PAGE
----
27.Silva CR. Responsabilidades no exercício da sexualidade do adolescente. In: Pereira JL, Fanelli CMT, Pereira RCR, organizadores. Sexualidade na adolescência no novo milênio. Rio de Janeiro: Universidade Federal do Rio de Janeiro, 2007. p. 26-31 [ Links ]

28. Brasil. Ministério da Saúde; Secretaria de Atenção à Saúde, Departamento de Ações Programáticas Estratégicas. Marco teórico e referencial: saúde sexual e saúde reprodutiva de adolescentes e jovens [Internet]. Brasília; 2006 [citado 2013 ago. 7]. Disponível em: [ Links ]

Received: October 23, 2013; Accepted: April 07, 2014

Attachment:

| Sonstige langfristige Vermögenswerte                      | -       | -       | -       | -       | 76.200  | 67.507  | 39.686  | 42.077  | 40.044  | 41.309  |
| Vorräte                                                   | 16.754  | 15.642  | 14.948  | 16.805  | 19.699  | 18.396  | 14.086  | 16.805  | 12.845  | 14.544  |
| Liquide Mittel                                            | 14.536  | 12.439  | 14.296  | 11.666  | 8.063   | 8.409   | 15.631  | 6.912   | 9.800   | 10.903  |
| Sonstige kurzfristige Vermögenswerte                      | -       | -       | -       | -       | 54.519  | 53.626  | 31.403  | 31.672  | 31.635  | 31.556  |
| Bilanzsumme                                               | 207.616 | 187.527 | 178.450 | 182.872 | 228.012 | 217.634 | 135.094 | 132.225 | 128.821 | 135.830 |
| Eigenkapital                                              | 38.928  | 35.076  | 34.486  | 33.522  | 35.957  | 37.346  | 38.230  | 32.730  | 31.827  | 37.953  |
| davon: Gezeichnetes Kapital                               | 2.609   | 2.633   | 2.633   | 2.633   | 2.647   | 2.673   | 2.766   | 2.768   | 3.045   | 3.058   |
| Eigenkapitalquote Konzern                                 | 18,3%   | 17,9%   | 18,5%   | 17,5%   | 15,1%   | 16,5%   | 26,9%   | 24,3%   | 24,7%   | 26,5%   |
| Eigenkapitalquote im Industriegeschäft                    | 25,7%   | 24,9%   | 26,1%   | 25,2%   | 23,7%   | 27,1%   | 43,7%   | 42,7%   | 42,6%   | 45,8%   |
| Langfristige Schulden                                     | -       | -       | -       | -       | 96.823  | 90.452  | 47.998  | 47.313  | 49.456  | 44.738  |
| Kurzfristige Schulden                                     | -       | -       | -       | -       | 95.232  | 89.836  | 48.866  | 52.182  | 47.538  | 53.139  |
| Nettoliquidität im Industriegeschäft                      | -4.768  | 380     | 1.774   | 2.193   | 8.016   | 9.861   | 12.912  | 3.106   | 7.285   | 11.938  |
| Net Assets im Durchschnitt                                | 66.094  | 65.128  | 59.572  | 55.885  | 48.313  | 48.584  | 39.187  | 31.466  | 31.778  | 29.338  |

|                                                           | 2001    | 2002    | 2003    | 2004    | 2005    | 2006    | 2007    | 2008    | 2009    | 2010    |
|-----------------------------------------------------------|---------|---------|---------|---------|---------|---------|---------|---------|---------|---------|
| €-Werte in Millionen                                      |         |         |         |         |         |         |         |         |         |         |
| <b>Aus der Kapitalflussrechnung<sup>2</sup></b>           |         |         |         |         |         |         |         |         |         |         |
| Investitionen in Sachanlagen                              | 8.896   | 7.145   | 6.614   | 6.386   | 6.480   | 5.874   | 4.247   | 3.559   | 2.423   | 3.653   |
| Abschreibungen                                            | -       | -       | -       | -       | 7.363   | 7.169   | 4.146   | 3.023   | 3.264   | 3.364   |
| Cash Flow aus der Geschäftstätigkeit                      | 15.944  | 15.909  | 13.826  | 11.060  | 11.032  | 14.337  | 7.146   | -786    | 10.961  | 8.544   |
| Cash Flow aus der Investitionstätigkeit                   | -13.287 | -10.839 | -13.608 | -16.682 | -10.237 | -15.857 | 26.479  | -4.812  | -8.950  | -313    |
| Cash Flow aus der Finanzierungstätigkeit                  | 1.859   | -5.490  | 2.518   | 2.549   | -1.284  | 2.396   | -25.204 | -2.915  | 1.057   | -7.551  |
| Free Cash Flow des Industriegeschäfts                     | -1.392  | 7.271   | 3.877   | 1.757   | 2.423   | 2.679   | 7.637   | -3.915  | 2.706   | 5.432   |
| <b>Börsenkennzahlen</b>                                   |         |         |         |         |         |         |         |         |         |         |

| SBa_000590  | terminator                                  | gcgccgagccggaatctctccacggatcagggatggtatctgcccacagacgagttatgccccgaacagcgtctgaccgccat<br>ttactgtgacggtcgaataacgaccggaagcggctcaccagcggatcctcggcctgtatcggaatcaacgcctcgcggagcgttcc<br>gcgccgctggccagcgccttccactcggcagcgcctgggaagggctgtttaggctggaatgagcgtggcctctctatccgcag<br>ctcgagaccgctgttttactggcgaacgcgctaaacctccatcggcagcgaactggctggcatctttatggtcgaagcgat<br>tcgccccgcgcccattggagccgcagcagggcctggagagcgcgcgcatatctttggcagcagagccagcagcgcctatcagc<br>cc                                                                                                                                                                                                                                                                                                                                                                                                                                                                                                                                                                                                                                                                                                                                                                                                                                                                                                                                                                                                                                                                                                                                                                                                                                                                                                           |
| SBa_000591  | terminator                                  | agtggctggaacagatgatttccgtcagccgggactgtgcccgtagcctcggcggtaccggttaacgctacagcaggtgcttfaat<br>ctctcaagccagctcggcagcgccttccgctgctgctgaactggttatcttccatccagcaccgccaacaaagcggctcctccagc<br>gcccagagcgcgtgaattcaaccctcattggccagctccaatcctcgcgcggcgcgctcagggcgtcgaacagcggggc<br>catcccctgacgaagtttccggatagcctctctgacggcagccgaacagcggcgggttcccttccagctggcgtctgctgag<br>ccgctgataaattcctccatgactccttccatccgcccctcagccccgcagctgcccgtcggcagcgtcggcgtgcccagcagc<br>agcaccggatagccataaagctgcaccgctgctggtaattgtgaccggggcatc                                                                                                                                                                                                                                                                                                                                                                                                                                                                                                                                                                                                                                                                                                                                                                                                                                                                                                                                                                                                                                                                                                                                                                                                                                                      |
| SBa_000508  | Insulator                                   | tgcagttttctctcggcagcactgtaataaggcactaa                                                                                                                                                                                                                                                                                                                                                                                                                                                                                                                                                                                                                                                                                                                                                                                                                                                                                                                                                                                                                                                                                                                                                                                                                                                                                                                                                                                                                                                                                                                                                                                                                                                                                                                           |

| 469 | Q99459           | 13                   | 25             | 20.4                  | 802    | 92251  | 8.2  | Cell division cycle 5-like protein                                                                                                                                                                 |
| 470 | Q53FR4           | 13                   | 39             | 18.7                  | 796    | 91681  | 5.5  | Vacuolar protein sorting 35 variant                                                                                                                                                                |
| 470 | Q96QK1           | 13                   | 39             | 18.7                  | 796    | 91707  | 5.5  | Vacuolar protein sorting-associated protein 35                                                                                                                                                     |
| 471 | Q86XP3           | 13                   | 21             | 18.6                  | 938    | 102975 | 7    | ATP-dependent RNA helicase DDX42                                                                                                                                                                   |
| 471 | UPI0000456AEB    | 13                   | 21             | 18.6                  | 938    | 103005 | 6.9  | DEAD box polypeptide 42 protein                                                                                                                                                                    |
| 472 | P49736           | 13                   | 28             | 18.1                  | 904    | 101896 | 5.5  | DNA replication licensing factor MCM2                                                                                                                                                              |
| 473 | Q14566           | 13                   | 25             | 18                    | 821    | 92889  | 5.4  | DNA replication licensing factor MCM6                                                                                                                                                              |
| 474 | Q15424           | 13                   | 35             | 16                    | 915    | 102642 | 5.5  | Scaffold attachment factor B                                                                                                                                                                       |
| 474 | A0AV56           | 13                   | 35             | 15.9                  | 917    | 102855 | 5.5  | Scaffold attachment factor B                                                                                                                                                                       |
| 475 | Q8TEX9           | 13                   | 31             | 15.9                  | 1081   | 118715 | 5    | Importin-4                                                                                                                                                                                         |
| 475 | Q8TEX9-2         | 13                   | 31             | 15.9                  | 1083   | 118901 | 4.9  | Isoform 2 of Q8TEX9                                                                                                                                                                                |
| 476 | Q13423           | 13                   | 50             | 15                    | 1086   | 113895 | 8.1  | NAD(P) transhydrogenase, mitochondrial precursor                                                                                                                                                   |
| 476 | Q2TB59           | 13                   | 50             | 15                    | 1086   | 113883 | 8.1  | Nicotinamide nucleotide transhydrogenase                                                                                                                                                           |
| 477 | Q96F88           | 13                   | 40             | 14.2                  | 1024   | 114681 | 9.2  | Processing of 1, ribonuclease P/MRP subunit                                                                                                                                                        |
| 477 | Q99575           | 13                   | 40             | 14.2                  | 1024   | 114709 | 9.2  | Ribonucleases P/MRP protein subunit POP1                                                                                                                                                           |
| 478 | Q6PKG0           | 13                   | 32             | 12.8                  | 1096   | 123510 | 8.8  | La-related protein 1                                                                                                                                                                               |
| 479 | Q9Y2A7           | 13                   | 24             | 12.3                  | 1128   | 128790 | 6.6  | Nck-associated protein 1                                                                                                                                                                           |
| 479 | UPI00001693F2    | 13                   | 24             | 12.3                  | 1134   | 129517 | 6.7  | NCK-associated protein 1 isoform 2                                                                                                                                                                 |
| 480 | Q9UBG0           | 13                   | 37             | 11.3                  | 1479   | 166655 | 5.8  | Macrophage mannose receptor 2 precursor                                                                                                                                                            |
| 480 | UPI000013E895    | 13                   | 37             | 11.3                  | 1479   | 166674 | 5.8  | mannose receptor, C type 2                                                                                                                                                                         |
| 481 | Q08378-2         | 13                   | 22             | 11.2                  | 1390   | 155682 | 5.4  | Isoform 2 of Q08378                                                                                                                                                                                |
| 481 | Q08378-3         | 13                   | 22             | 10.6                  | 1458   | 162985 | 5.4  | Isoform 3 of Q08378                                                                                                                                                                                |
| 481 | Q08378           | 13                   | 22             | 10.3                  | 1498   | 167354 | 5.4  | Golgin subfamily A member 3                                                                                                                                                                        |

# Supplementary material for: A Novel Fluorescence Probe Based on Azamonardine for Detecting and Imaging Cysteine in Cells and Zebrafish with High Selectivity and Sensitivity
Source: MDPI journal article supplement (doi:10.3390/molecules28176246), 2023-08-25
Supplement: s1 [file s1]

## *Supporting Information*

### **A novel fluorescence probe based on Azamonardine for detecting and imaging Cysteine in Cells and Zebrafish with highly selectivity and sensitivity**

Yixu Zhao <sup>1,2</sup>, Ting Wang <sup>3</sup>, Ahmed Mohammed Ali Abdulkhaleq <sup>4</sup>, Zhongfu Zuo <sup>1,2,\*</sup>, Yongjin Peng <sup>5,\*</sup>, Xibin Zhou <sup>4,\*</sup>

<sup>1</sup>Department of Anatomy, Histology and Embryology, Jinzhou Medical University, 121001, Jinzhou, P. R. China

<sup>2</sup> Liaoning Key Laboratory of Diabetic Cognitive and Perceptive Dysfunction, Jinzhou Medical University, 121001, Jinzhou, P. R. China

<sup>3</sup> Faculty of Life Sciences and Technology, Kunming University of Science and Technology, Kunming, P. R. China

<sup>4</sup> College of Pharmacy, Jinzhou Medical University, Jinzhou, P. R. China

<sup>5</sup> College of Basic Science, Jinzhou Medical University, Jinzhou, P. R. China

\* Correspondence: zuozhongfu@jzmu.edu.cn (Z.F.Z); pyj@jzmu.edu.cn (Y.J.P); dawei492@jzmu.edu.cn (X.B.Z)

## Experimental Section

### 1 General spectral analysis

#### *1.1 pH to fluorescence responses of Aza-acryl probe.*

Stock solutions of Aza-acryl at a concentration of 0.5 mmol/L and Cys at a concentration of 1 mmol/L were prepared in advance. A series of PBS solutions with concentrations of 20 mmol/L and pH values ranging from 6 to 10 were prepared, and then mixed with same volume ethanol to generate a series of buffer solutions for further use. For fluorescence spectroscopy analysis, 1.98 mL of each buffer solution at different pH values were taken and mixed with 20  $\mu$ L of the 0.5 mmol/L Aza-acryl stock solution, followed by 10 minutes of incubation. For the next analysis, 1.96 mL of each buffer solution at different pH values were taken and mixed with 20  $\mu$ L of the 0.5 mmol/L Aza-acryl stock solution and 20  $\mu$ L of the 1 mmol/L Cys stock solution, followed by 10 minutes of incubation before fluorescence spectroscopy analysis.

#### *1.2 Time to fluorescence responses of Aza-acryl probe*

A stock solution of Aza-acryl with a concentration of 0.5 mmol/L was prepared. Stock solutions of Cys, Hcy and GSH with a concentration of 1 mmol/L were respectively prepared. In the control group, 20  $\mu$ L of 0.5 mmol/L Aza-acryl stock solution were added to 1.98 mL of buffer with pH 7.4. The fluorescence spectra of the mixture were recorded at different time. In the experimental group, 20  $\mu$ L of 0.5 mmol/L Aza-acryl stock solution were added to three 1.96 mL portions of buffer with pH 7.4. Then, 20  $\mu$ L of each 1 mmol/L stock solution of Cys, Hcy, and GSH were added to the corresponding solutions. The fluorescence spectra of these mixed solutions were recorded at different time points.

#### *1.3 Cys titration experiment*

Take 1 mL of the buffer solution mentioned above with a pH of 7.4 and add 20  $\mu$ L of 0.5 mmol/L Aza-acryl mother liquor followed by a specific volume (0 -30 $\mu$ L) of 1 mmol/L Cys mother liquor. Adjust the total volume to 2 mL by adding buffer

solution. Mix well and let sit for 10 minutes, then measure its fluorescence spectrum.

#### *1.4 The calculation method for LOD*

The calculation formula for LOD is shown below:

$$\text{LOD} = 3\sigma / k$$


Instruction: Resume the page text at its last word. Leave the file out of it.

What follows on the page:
Correspondence: Vera Lúcia de Oliveira Gomes Rua Fernando Osório Filho, 445
. CEP 96205-090 – Rio Grande, RS, Brazil

Creative Commons License This is an Open Access article distributed under the terms of the Creative Commons Attribution Non-Commercial License, which permits unrestricted non-commercial use, distribution, and reproduction in any medium, provided the original work is properly cited.